In the beginning there was John Moses Browning. Actually, there were hugely influential gun designers before — and after — JMB. Check out the video below for God, Family, Guns list of the Top 10 Most Influential Gun Designers. Then choose your fave and justify your choice. Please.

89 Responses to Question of the Day: Who’s Your Favorite Gun Designer?

  1. Uncle Misha. He made a simple to make and easy to use intermediate cartridge rifle that is so robust it could be made by uneducated Pashtun tribesmen hiding in caves lit by burning camel shit. It may not be the best rifle in the world, but just like the T-34 he drove in WWII, it had the virtue of simplicity and robustness.

    • I strongly disagree. After all the small handful of Eugene Stoners original ideas weren’t used that much and those that were produced in large quantity really hasn’t evolved much since they were invented.

      Where as people like Browning and Kalashnikov had dozens of different weapons designs and entire weapons platforms to their name.

      • It’s hard to argue that the AR platform is not an effective system. It’s main weakness is in the manufacturing process and maintenance requirements inherent to the system. Great weapon for a professional army with a huge logistics tail. Horrible weapon for more or less everyone else. We shan’t discuss the fact that the final AR-15 design wasn’t really Stoner’s sole work product.

  2. JMB

    Arguable the most well versed in the industry but I like everyone on that list quite a lot and there’s a few other names that could easily have made it on that list

  3. Ferdinand Ritter von Mannlicher, who unveiled the first successful semi auto rifle in 1885. Samuel Colt who gave us the first mass produced revolver. Johann Nikolaus von Dreyse who gave us the first bolt action. John Moses Browning who gave us so many designs that have stood the test of time (and more than a couple that didn’t). Doesn’t really matter who you prescribe to they all owe a debt to that poor soul who figured out that if you shove black powder into a pipe, put a rock in front of it, and touch off the powder it would propel the rock somewhere in the general direction of a target. Sadly, his name is lost to history but we all owe that feller a deep DEEP debt of gratitude.

        • This Bud’s for you beer holder guy thank you for always being there when moments of drunken genius strike and our beers must be held and protected from our genius.

      • We do know that he was Chinese, and we also know that the Chinese love their beer, so you are probably spot on. Especially since the first guns were bamboo wrapped with cord.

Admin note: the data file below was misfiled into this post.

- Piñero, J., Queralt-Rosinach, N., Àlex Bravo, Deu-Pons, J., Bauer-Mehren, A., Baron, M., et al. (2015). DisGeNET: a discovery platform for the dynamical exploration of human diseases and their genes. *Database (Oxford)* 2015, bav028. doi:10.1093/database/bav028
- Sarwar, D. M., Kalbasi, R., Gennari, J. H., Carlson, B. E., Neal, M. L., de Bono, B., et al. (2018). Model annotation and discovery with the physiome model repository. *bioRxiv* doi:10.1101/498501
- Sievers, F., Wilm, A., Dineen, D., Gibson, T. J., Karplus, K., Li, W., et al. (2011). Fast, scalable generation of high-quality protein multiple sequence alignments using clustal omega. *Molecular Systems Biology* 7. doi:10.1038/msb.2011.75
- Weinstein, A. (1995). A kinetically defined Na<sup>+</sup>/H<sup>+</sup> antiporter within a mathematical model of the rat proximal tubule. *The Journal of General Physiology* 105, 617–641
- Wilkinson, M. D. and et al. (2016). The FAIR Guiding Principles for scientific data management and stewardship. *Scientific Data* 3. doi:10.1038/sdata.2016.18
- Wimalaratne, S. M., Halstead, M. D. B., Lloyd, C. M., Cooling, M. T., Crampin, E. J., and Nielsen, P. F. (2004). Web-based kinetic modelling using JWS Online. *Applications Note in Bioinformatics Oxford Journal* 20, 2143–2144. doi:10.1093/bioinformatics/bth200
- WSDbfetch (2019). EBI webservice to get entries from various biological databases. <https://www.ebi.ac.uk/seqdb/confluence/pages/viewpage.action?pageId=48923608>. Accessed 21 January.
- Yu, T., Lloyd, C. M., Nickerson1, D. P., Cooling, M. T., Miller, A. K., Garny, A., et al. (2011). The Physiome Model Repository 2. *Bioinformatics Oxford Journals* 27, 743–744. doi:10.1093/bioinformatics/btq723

• The first guy to touch off a pile of gunpowder in a makeshift tube probably died a horrible death a second later. We owe a far larger debt to his more cautious friend, who stood outside the shrapnel radius and subsequently spent a while thinking about causes and effects and materials. 🙂

      • Perhaps, but you also have to remember that the Chinese had a lot of experience with black powder before the first “firearm,” which technology included rockets full of shrapnel fired at low angles into opposing troops. In fact, the Chinese also invented the multiple tube rocket launcher before they developed guns and later cannon. So you have to assume that these guys had enough sense to stand back when lighting off their creations.

  4. Yeah, by my own estimation you cant do a lot better than JMB himself with Mikhail Kalashnikov right behind him.

    Not to down play any other designer, but in terms of general influence of design you can’t do much better than those two.

    • The problem with Browning’s designs is the requirement for precision machining and fitting. It may make a superior gun, but just as the Germans found out in WWII, having 100 superior weapons doesn’t matter if you’re up against someone capable of churning out 1000 slightly inferior weapons with the same resources. It’s why the Panther and King Tiger are not on the list of “best tanks of WWII”. When you can’t make enough of them to make a difference, their individual quality is largely irrelevant. I still subscribe to the school of thought that Germany would have been better off churning out Panzer IVs and Tigers rather than continuing to try to engineer a “wunderwaffen” without a fundamental paradigm shift in the requisite technology.

      • The other issue I’ve seen with JMB’s designs is that he often assumes that the owner/operator of his guns is as smart and adept as he is. This applies especially to the Auto-5 when it comes to taking one apart and putting it back together.

        Some of us are dumb-dumbs!

        • That’s a pretty common blind spot for geniuses. NOT having that blind spot is why Kalashnikov is so revered…

        • Quick and elegant take downs weren’t common back in his day. I do, however, appreciate the (initial) takedown on the Stevens 520.

      • The “precision machining” in most JMB designs isn’t as precise as many people would think.

        For example, the slide/frame fit on a 1911 is an obsession by many 1911 shooters. They keep trying to tighten up the slide/frame fit until the pistol barely will cycle without some super-lube.